Few performers have had such a versatile career as Gary Oldman. Children know him as the Sirius Black actor from the Harry Potter franchise, but adults are familiar with the breadth of his work, much of which has been in more mature fare. He's a true chameleon, changing his look from role to role. Gary Oldman as Dracula in Bram Stoker's Dracula looks much different than Gary Oldman as Drexl Spivey in True Romance. Sometimes, he doesn't look like himself at all. In Hannibal, the actor is buried underneath makeup that renders him unrecognizable, while his Oscar-winning turn in Darkest Hour turns him into a doppelganger for Winston Churchill.
Aside from his admirable chameleonic quality, Oldman has gone through an interesting career shift over time. In his earliest roles, such as Sid and Nancy and Prick Up Your Ears, he was viewed as a prodigiously talented performer who had an air of danger. There was a rawness and an unpredictability about him. Years of solid performances have morphed him into a veteran respected by peers whose sheer presence can help provide substance to mainstream pop culture franchises like the Planet of the Apes series or Christopher Nolan's Dark Knight trilogy.
Over the past few decades, Oldman has continued to surprise and delight audiences with the boundless creativity he brings to every role he tackles. Whether you prefer the edgy young Oldman or the seasoned veteran, a closer look at his most important roles demonstrates just how extraordinary he is.
- Photo: Harry Potter and the Order of the Phoenix / Warner Bros. Pictures
In the Harry Potter franchise, Oldman plays Sirius Black, an escaped prisoner who initially seems like an antagonist to the title character and his friends, but ultimately turns out to be an ally in the fight against Voldemort. He makes his first appearance in Harry Potter and the Prisoner of Azkaban, which marked a turning point in his career.
Audiences were used to seeing the actor as a villain, given how frequently he'd played such roles in the past. At the same time, Oldman and the filmmakers knew the arc Sirius Black would take - one that would defy viewer expectations by revealing a heroic side. He made the character's transition from hiss-worthy baddie to faithful cohort so credible that it transformed his entire career. Oldman suddenly became a reliable franchise star, a guy who could bring gravitas to a beloved property.Classic Oldman?
- Photo: The Dark Knight / Warner Bros. Pictures
One of the reasons the Dark Knight trilogy works so masterfully is that director Christopher Nolan understood a lot of fundamental truths about Batman and his world that are easy to overlook. One of those truths is that Batman requires a strong Commissioner Jim Gordon. The idea of a costumed vigilante only makes its proper impact when contrasted with a good old-fashioned legitimate lawman.
That meant casting an actor with a strong presence and an ability to convey moral decency. Nolan found his man, perhaps surprisingly, in Oldman. His Gordon is stoic and shrewd, knowing that vigilantism is not necessarily the best solution to the crime that plagues Gotham, while also recognizing that it can be mighty helpful. Because Oldman nails that balance, the actions of Christian Bale's Batman have a stronger resonance.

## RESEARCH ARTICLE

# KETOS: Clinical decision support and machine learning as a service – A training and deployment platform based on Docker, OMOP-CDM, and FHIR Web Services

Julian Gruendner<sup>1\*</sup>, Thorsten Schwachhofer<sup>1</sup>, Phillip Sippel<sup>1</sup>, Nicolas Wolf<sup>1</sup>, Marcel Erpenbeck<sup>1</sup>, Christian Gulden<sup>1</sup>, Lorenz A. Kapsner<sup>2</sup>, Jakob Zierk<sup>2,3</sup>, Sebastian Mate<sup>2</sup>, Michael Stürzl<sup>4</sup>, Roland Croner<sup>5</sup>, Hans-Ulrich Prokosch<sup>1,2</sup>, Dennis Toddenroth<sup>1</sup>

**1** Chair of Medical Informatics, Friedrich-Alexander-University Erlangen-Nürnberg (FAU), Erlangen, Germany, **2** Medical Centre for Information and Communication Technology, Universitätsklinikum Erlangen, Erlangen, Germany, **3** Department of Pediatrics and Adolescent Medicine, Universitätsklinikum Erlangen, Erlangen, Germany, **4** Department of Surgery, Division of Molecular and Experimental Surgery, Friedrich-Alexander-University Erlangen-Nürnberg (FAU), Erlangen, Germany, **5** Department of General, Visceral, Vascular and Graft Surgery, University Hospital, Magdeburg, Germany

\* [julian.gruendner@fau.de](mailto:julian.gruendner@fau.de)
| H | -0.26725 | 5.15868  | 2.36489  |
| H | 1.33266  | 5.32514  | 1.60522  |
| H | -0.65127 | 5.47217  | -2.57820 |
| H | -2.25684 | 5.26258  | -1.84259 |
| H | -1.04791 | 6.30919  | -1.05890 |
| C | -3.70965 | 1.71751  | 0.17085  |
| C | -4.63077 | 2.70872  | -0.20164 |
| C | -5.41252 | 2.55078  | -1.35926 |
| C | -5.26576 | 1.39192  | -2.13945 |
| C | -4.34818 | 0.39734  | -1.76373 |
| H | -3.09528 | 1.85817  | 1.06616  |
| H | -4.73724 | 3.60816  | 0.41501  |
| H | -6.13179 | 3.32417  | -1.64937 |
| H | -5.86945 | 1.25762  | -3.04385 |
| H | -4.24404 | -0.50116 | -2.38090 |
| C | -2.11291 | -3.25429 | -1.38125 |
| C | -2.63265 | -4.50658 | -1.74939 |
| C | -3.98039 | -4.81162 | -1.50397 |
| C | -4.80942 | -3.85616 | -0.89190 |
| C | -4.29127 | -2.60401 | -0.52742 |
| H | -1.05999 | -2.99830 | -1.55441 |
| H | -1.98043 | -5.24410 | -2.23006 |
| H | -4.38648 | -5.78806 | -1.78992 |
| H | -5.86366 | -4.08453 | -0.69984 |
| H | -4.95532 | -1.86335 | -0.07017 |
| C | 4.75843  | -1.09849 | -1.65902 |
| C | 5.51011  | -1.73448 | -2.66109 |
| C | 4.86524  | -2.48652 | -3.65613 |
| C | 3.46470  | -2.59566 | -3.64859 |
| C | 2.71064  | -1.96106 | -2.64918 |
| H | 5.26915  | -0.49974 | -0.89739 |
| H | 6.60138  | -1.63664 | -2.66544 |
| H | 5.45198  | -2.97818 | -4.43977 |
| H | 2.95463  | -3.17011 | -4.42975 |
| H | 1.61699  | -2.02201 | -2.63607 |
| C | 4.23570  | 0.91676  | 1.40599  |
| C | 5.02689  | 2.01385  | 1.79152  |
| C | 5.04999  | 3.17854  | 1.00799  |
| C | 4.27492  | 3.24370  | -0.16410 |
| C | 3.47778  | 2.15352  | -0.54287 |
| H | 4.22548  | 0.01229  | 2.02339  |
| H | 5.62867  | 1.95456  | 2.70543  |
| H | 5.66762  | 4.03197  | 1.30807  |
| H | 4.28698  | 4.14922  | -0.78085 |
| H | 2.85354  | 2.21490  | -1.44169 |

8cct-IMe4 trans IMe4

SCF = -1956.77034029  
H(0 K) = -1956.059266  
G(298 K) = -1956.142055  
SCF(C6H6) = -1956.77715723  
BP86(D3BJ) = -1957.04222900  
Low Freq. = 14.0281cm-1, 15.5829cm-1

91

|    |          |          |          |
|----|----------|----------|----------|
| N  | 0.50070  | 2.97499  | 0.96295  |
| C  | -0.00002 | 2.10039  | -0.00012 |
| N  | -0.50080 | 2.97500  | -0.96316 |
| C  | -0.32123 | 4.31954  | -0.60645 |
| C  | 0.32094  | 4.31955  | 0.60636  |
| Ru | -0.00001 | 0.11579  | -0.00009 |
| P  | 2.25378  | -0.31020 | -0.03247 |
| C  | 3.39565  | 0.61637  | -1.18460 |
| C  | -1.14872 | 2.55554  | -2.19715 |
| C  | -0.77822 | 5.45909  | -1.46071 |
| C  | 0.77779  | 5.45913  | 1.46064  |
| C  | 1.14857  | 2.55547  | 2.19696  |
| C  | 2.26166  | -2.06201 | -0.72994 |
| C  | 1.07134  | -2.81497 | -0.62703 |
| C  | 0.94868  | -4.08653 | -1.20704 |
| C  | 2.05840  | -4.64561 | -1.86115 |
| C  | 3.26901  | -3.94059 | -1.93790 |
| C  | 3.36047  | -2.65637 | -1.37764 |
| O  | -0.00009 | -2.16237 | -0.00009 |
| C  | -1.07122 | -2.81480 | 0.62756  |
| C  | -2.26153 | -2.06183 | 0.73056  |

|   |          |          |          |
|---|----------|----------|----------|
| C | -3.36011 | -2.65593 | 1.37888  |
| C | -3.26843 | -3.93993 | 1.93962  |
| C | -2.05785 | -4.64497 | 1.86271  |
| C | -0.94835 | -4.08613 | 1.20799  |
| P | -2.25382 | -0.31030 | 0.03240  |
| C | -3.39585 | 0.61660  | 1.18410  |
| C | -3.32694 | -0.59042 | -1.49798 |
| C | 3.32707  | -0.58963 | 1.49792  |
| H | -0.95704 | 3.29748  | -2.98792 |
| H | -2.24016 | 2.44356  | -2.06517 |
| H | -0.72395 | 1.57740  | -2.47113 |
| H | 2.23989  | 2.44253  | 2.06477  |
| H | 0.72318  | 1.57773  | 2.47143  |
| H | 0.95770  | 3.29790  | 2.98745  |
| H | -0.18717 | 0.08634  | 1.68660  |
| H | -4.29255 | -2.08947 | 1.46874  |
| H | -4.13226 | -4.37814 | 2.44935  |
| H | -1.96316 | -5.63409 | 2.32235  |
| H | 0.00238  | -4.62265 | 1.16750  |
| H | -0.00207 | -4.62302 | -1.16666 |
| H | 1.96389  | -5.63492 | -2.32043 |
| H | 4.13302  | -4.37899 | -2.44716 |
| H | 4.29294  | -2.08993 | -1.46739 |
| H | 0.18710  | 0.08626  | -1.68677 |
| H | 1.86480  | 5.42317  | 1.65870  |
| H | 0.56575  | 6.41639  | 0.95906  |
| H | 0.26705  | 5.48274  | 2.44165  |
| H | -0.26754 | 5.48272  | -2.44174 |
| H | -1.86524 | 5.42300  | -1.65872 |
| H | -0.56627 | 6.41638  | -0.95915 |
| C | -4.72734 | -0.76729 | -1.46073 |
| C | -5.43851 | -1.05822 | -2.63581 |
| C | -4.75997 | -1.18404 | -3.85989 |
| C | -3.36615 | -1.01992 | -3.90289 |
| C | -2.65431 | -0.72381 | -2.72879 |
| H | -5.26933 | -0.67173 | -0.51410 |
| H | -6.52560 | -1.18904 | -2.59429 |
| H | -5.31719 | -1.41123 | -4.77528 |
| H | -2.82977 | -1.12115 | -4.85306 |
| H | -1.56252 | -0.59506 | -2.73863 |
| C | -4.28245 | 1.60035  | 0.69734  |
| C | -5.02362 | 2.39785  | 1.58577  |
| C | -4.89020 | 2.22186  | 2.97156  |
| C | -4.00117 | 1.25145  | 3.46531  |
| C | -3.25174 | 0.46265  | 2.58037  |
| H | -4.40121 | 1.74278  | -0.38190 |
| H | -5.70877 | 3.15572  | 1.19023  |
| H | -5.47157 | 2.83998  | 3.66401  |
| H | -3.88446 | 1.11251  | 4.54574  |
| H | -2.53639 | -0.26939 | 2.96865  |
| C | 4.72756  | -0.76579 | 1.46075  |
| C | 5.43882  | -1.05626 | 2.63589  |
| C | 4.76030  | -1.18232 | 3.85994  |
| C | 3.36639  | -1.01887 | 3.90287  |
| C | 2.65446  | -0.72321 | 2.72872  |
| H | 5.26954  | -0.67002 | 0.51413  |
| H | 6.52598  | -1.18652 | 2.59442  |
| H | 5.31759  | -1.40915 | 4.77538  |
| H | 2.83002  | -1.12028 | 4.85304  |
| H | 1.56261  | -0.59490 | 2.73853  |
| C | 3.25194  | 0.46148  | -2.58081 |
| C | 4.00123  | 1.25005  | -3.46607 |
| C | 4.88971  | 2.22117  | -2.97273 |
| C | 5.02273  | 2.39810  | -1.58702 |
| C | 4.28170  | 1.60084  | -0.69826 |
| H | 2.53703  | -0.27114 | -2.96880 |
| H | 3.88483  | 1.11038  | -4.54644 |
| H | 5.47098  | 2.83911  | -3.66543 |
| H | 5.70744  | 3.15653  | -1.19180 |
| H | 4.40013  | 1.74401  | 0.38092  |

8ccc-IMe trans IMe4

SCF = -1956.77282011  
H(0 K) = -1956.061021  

The Dark Knight films are unique in Oldman's career in that they represent one of the few times he played an undeniably honorable character.Classic Oldman?
- Photo: Columbia Pictures
Several years ago, Oldman publicly disowned The Fifth Element. Many science fiction fans don't share his dislike of the picture. Often described as a "good bad movie," there's so much bonkers stuff happening that it's hard not to be entertained. It's definitely a film like no other.
Oldman plays the movie's villain, Jean-Baptiste Emmanuel Zorg. He has a suitably unusual look here. One side of Zorg's head is shaved, and long hair combed over to the side covers the rest. To play such an odd bad guy, the star opted for an odd approach. SFX's Susan Arendt put it best, writing, "Zorg could've been a simple cartoon, either an over-the-top force of Evil with a capital E, or a sniveling underling to the real enemy of the film, Mr. Shadow. Gary Oldman makes him a bit of both and something more, a man who's both casually ruthless and utterly terrified."
In other words, Oldman makes this character megalomaniacal in a way that's not obvious, choosing instead to find a more distinct way of conveying Zorg's menace. It's a perfect example of the creativity that has made him an in-demand performer.Classic Oldman?
- Photo: Columbia Pictures
Bram Stoker's Dracula came relatively early in Oldman's career, and it established him as an actor who delves deep into character. The film, directed by Francis Ford Coppola, finds him in pasty white old-age makeup, his hair in a weird heart-shaped design. That's for the aged Dracula. Other scenes show him as a younger vampire, decked out in a black top hat and dark sunglasses to match his long dark hair. It's amazing that such wildly different versions can be played by the same guy.
Beyond that, Oldman gives audiences a different kind of Dracula. His interest isn't so much in sucking blood, but in finding true love. Mina Harker (Winona Ryder), who resembles his late wife, is the woman he has his eye on. The actor uses his physical appearance to suggest the character's enigmatic qualities, but he similarly uses his voice to great effect. Writing for The Washington Post, critic Hal Hinson noted, "The dexterity and snaky complexity of his line readings is both awesome and inviting."Classic Oldman?